The Yankees needed ditch diggers,
sandhogs, fodder for the wild
hunger of their mills and sent out
invitations with no RSVPs.
My people came then, dimly knowing
they had to cut away the baggage
of the selves they brought with them.
The cutting was strangely easy
as they gaped at clerks smoothing
harsh corners off their names,
docking final vowels like tails.
Distance helped the cutting too–
the ocean roiling behind them
with all that danger and disease,
the old country already swallowed
by the horizon’s bulging lead.
At most it was only a village,
a hut, the midden out back
all frozen in the endless winter
of the past. The new language
squeezed more color from that past,
making it shameful–starving winds
and nothingness. They tugged
the new words into their mouths
like odd-shaped and exotic food,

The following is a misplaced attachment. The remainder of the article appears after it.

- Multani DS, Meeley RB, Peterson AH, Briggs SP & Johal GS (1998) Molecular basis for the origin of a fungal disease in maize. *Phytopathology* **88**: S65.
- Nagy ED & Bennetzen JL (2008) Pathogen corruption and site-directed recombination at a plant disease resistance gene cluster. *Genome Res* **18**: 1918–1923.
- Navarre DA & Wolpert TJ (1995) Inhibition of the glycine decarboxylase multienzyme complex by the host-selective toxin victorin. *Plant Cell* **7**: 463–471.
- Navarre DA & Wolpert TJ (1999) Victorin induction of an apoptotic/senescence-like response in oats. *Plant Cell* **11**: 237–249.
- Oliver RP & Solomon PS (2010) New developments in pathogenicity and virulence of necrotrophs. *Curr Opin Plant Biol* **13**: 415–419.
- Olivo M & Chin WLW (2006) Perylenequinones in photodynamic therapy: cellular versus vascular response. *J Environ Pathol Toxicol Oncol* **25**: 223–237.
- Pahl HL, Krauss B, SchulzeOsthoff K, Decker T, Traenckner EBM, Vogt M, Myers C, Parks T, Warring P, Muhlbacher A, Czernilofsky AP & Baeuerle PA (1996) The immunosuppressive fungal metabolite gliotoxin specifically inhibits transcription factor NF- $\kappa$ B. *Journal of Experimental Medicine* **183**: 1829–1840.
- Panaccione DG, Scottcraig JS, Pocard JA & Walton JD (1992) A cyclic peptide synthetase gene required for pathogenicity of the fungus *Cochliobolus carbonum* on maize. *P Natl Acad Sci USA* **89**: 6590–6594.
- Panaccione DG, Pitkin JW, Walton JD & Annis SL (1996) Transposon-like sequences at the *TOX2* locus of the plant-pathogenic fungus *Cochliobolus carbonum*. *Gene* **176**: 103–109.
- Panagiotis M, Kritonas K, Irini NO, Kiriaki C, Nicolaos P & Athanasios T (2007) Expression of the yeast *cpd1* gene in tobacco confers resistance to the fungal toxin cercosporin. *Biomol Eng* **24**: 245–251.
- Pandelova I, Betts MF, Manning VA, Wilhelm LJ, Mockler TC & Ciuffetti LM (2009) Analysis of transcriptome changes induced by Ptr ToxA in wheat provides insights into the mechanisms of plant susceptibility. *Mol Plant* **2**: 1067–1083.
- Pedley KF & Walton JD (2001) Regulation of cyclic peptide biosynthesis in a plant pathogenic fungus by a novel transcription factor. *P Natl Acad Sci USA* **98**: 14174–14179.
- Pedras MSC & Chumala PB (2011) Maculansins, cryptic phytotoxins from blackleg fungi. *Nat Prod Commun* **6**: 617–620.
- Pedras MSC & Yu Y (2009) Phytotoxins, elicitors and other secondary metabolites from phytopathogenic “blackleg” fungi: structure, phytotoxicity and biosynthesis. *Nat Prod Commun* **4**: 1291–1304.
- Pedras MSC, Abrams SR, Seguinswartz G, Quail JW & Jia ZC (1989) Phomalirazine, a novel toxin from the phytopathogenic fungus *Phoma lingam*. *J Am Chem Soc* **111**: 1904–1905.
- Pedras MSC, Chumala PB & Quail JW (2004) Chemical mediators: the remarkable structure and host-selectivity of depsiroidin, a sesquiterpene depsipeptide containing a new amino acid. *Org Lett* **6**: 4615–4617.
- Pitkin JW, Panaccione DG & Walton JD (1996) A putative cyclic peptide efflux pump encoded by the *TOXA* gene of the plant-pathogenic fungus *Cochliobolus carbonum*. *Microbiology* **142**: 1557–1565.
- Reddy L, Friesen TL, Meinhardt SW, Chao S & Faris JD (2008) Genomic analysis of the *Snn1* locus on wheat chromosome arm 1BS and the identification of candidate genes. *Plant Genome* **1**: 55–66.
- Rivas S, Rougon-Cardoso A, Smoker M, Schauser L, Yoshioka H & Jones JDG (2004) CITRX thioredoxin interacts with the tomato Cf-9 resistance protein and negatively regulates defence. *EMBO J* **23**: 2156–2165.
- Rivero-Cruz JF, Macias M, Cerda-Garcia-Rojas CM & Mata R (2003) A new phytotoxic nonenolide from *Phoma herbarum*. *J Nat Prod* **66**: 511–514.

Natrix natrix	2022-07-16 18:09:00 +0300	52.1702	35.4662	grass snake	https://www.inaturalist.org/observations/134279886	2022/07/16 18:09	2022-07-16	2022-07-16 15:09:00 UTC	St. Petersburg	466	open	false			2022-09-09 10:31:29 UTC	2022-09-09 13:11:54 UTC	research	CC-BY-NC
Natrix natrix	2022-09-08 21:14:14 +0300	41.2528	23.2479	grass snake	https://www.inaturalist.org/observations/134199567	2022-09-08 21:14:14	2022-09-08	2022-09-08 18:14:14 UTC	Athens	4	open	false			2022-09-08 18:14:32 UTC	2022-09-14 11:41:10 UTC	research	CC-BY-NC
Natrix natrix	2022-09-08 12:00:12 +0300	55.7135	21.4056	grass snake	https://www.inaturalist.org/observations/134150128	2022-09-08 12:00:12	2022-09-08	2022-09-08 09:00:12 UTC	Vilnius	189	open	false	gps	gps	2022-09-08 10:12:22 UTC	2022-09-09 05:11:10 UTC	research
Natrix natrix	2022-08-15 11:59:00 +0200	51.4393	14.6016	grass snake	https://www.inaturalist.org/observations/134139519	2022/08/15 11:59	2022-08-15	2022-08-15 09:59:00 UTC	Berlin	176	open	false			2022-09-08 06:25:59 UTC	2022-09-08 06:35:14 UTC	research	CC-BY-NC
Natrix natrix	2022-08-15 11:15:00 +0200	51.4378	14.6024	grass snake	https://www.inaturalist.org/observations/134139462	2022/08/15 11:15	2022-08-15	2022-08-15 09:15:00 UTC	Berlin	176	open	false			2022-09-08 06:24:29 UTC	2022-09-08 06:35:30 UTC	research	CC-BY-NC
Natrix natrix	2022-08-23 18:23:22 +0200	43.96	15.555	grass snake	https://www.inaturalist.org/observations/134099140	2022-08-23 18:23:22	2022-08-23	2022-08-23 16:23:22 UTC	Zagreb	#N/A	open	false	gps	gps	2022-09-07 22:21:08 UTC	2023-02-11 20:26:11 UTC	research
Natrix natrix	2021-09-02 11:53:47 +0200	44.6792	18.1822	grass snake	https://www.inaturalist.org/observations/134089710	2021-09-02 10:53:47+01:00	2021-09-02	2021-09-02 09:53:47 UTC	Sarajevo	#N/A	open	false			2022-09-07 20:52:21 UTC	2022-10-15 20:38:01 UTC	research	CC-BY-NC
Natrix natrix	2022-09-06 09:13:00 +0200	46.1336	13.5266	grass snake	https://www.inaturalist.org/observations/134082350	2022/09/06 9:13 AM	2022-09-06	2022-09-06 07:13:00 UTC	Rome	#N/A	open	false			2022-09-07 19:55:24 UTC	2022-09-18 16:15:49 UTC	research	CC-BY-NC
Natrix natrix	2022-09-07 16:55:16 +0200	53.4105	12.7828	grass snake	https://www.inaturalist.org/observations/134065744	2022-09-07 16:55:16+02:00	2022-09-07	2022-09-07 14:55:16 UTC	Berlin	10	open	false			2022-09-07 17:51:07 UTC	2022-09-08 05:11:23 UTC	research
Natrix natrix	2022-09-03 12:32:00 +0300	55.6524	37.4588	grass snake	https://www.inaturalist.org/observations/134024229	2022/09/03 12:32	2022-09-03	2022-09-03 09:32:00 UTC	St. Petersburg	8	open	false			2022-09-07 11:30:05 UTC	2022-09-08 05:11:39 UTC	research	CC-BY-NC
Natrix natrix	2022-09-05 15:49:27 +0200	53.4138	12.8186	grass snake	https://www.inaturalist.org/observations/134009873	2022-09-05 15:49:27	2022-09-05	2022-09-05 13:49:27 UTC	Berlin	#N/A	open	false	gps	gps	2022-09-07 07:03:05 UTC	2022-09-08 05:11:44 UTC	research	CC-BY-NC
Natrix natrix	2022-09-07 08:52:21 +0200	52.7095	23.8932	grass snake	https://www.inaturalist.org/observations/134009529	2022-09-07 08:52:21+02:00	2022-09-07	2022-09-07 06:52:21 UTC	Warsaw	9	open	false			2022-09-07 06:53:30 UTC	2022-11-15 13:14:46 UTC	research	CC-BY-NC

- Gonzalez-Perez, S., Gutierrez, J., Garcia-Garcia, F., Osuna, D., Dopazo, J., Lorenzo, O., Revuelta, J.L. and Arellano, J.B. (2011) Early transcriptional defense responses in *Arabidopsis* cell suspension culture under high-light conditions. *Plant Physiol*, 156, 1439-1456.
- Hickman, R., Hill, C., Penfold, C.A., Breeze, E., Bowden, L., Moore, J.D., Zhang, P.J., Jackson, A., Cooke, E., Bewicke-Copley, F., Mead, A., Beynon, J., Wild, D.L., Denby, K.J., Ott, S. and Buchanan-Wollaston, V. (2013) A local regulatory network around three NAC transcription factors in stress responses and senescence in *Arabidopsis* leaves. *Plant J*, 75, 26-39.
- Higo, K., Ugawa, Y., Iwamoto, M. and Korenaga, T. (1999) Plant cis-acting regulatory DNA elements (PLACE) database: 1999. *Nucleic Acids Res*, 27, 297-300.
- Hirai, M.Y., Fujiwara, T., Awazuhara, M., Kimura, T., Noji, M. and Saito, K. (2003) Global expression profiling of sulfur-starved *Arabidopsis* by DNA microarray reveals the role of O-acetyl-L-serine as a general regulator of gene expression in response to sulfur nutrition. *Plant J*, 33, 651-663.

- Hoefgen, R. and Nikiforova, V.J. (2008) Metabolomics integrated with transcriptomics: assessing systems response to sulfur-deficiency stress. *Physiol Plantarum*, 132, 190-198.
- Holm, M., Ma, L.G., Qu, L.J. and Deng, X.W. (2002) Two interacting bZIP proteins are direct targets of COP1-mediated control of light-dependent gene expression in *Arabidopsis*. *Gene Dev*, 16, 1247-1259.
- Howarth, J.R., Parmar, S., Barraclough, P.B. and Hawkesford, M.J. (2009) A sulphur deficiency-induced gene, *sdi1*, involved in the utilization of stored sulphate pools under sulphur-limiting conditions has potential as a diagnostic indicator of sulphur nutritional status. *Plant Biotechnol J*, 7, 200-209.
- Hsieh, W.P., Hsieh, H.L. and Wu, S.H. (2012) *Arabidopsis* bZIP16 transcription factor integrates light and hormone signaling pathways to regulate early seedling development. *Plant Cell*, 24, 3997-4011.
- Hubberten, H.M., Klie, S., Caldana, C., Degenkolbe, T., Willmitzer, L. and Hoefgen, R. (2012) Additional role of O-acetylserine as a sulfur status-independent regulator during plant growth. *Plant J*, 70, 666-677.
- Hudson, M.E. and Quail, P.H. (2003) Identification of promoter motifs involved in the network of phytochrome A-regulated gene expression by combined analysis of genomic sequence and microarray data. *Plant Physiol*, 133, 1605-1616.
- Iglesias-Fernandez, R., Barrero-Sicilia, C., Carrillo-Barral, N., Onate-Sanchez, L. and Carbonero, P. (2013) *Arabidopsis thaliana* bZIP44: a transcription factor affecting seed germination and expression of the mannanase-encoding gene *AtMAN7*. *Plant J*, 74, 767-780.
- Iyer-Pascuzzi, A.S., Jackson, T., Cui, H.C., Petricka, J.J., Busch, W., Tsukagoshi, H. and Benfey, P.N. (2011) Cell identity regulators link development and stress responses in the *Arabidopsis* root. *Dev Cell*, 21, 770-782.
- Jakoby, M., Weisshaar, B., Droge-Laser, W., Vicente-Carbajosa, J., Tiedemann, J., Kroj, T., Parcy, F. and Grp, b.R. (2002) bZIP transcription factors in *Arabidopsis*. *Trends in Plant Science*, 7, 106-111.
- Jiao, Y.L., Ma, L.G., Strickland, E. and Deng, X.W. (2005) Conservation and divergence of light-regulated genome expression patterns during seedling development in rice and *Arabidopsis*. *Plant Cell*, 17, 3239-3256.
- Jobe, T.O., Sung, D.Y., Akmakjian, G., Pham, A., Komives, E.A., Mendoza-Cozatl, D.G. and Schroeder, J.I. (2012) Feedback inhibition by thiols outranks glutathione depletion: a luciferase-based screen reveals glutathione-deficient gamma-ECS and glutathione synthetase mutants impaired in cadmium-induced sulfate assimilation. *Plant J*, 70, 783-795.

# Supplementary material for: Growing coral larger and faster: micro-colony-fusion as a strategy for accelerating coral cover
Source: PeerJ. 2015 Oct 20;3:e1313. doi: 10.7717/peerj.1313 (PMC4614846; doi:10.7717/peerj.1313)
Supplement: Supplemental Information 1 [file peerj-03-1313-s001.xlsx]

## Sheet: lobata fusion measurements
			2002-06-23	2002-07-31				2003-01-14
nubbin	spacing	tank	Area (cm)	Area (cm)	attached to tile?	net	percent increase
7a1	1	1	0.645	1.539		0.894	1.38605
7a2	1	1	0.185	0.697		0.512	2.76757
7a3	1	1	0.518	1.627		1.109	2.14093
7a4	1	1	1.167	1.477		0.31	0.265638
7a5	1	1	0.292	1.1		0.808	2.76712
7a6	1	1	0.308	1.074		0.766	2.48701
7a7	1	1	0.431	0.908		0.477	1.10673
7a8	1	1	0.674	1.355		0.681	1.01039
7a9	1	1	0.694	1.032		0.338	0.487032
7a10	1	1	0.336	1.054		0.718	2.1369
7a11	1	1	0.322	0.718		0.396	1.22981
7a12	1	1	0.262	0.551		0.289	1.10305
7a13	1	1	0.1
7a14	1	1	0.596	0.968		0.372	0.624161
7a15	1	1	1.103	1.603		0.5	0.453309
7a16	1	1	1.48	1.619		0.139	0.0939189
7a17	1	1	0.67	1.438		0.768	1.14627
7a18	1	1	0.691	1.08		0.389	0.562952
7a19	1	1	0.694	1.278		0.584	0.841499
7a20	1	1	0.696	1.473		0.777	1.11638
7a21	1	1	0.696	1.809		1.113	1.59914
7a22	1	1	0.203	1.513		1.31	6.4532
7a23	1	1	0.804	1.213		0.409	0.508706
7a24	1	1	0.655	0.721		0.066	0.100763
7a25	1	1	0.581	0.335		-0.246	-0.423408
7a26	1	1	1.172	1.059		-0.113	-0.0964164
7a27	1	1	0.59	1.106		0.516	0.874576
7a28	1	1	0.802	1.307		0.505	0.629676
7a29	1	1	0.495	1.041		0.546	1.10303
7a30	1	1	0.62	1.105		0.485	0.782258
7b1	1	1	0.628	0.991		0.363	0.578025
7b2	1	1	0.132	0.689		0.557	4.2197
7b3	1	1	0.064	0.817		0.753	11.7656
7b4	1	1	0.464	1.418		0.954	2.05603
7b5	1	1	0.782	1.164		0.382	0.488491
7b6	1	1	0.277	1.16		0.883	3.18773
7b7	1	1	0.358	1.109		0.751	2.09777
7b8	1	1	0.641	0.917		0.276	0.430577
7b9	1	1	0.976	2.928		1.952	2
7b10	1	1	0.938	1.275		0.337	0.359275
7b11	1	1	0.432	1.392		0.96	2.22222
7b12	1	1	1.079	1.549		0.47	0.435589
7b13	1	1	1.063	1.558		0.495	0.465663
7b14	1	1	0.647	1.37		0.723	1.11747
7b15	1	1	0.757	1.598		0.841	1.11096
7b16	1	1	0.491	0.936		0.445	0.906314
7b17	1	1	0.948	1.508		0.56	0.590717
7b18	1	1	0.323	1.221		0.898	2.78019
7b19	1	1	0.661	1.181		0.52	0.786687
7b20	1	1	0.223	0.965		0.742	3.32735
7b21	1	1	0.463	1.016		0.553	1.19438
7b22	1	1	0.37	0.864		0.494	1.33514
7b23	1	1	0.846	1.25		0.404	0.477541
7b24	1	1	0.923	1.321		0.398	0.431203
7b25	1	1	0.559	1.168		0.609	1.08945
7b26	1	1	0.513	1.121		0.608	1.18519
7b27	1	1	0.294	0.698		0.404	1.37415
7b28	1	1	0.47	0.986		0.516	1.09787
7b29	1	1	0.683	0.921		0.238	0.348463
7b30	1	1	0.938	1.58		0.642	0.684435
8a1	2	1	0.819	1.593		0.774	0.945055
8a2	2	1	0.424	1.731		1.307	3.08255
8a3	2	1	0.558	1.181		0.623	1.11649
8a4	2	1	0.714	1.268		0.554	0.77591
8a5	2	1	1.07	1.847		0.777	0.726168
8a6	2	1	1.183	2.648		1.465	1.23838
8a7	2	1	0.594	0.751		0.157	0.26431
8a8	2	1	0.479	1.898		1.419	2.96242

curiously spiced, hard to choke down.
The rolled its oddness on their
tongues, tried to suck the sense
from it and the new ran together
with the old like milk in coffee,
the color changing until the old
was mostly gone, half their lives
dropping off the edge of the world.
I had my citizenship interview last week and the officer who interviewed me was a German/Polish immigrant. He told me that his and his sister’s last names are different from his older brother and father’s because when they immigrated from Germany to Poland, their surnames were changed. He and his sister were born in Poland after the change. He explained that the original spelling was harsh sounding so they changed out a vowel to make it sound more pleasant and smoother. To make it more Anglo-friendly, I ventured. He replied that was it exactly. So there we were, American and American-to-be, sharing a snippet of immigrant life. He also shared pictures of his family’s doberman with me. It was a good day.